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Skillet’s more Awake than ever before
By Andy Argyrakis
From the pages of the official publicity biography

Since Skillet last hit the studio for 2006’s breakthrough project Comatose, the group’s toured with the likes of Breaking Benjamin, Three Days Grace, Seether and Flyleaf, followed by a solo headlining ranking within Pollstar’s Concert Pulse Top 50 Tours for 2008. Along the way, the Grammy-nominated alternative outfit also scored three top 40 singles on Billboard’s Mainstream Rock charts, earned a pair of BMI Songwriting Awards and released its first ever concert CD/DVD combo pack in support of the season called Comatose Comes Alive.

Aside from the commercial accolades, the Grammy-nominated modern rockers are rapidly approaching gold sales status, backed by both public adoration and critical praise, making the brand new Awake (Atlantic) the band’s most anticipated album to date. Not only does Skillet continue in the tradition of bone crunching rockers and melodic power ballads that comprised the last trip to the studio, but there’s a noticeable evolution sure to connect with longtime listeners and open the floodgates of its fan base even further than ever before.

“We found Comatose scoring the most acceptance in terms of album sales, ticket sales and radio airplay out of any of our albums so far, so there’s certainly a continuation of that direction,” unveils singer/songwriter/bassist John Cooper of the current collection. “But we never want to make the same record twice and that’s why Awake keeps it fresh and surprising. We’ve built off several of the epic elements, orchestration, piano parts and male/female vocal trade offs on several songs, but there’s also a balance of straight up rock stuff and tunes that are a little bit stripped down in comparison.”

In addition to the increasingly cohesive chemistry by the famed front man, keyboardist/vocalist Korey Cooper, guitarist Ben Kasica and drummer/vocalist Jen Ledger, having all-star producer Howard Benson (Daughtry, My Chemical Romance, P.O.D., The All American Rejects, Hoobastank) behind the boards helped the band reach its most compelling conclusion to date.

“He’s been a favorite producer of ours for quite a long time and we’ve talked about working with him in the past, but this time all the pieces finally fell into place,” affirms Cooper. “Howard is a broad stroke painter where he casts a vision, but then incorporates that into what a band is already all about. He really has a knack for the elements an audience enjoys the most, which often times are the vocals and the lyrics, and then he gives the band a chance to be themselves and be proud of the artistic output.”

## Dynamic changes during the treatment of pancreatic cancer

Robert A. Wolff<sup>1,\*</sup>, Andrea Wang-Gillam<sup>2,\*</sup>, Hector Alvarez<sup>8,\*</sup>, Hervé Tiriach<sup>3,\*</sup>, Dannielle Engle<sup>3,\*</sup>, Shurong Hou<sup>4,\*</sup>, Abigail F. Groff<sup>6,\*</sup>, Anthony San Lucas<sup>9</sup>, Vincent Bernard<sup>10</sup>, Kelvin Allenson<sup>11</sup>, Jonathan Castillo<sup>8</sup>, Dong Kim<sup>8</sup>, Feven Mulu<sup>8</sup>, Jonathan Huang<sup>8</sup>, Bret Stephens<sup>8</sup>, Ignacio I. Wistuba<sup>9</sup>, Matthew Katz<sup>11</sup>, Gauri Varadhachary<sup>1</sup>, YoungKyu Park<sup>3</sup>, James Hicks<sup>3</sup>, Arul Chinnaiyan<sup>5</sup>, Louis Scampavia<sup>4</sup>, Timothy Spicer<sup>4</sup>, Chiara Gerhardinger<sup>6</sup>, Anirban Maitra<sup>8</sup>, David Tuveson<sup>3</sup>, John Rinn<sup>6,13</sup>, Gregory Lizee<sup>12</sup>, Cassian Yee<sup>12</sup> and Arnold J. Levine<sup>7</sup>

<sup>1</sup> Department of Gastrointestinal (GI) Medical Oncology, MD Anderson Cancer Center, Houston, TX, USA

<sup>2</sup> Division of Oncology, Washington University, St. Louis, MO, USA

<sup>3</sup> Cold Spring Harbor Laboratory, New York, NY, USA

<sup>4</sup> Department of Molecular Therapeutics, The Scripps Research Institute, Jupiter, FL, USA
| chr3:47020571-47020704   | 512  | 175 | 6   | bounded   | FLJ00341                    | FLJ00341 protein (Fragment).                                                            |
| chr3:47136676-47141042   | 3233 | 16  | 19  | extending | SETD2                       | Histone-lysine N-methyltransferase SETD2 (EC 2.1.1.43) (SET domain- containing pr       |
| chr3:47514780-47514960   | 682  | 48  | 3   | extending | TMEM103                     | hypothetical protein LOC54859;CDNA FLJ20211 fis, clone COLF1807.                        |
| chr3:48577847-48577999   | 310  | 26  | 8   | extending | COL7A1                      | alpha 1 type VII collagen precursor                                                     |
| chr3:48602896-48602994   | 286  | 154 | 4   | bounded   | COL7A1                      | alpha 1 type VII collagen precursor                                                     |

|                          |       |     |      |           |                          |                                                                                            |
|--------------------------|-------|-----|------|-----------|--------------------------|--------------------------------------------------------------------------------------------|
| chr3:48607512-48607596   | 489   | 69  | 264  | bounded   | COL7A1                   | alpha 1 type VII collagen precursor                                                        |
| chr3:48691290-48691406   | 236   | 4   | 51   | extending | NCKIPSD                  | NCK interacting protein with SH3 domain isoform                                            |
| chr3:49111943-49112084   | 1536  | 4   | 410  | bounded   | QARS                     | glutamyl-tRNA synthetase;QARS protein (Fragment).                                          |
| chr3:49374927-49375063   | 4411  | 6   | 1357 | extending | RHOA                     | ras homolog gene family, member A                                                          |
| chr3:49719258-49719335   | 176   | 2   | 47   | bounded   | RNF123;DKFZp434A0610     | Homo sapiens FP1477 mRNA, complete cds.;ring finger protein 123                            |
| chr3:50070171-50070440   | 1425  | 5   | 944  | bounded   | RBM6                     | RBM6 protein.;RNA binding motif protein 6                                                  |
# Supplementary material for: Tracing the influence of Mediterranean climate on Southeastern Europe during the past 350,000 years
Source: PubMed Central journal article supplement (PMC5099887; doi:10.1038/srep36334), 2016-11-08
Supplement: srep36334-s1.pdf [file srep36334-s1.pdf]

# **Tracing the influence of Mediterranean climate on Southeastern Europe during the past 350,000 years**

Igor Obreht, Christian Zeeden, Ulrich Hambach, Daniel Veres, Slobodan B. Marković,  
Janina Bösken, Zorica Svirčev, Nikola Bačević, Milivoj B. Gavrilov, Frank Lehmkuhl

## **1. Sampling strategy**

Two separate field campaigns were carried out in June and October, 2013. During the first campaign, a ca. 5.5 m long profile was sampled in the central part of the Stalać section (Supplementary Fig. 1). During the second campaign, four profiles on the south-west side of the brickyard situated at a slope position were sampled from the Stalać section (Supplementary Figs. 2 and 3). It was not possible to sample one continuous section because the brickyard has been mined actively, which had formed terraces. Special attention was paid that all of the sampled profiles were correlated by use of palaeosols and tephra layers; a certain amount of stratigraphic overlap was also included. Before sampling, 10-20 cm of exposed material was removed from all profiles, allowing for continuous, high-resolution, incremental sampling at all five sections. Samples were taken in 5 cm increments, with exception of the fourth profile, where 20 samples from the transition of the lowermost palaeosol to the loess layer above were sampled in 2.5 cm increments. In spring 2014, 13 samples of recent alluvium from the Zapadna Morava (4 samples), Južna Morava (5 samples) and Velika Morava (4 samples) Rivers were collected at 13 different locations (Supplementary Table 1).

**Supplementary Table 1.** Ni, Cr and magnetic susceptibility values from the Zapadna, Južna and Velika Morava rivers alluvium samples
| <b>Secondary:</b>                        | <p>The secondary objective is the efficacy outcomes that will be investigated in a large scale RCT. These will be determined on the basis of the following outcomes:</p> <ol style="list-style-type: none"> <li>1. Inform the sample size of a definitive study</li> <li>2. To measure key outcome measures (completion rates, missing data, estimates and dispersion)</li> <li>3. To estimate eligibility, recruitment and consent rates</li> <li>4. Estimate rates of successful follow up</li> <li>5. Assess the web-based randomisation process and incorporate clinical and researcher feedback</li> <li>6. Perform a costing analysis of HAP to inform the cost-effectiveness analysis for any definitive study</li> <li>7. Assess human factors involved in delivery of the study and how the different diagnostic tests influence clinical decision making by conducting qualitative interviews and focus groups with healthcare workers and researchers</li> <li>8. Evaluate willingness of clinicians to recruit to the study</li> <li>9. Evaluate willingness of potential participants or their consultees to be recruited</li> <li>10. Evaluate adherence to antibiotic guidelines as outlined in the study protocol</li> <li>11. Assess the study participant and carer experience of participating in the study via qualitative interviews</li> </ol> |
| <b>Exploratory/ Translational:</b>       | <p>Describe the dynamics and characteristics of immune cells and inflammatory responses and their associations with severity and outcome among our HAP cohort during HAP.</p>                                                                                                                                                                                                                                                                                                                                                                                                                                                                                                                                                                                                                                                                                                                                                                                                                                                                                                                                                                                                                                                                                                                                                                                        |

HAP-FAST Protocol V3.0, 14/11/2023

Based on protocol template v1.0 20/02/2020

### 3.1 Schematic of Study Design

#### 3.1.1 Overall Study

And that’s the exact result on all accounts, as the foursome’s overwhelmingly satisfied with the entire sonic and thematic palette throughout Awake, which is loaded with plenty of anthems in the making destined to be smash singles and concert sing-a-longs. Even though Skillet possesses undeniable accessibility to this latest batch of tunes, there are still plenty of sophisticated arrangements, unpredictable chord arrangements and mounds of musical integrity all across the board.

“It’s a turning of the page for us because this album is even more immediate than Comatose, but there’s also a noticeable maturity,” contends Cooper. “Some of the songs are complex, others are just really intense rockers and overall there’s a real sense that we’re opening a new chapter. There are definitely some classic rock elements on the record, traces of glam rock and a lot of today’s heavy rock influences as well. Depending on the song, you can hear traces of AC/DC, Metallica or Breaking Benjamin, with lots of big guitars and streamlined drum beats.”

Take for instance the searing lead single “Monster,” which is just as ominous as its moniker implies, loaded with towering riffs and unbridled rock n’ roll abandon. Other aggressive outpourings include the hook heavy “Hero” and the militant “It’s Not Me,” while several fist pumpers possess dramatic orchestration, such as the unshakably infectious “You Should Have” and the carpe diem ode “One Day Too Late.” Of course, no well rounded alternative album would be complete without a handful of gripping ballads, like the loss-centered “Lucy” and the melodic masterpiece “Don’t Wake Me.”

Skillet’s massive fan base (who affectionately refer to themselves as “Panheads”) are sure to agree, though they’ll likely be even more impressed with the lyrical outpouring, which remains a top priority for the players. Mixing socially conscious topics with deeply personal narratives and unabashedly hopeful expressions, Awake is just as emotional as it is provocative.

“We’re living in crazy times right now between the news that seems to get crazier every day and all the uncertainly throughout society in general,” concludes Cooper. “Sometimes it doesn’t seem like there’s hope, and sure you can choose to give up, but why not face it ‘Awake and Alive’? Why let what’s going on around you keep you down when there’s so much hope that a new day can bring? Everything we sing about on this album is something someone can relate to, and if anything, the songs will let you know you’re not alone.”

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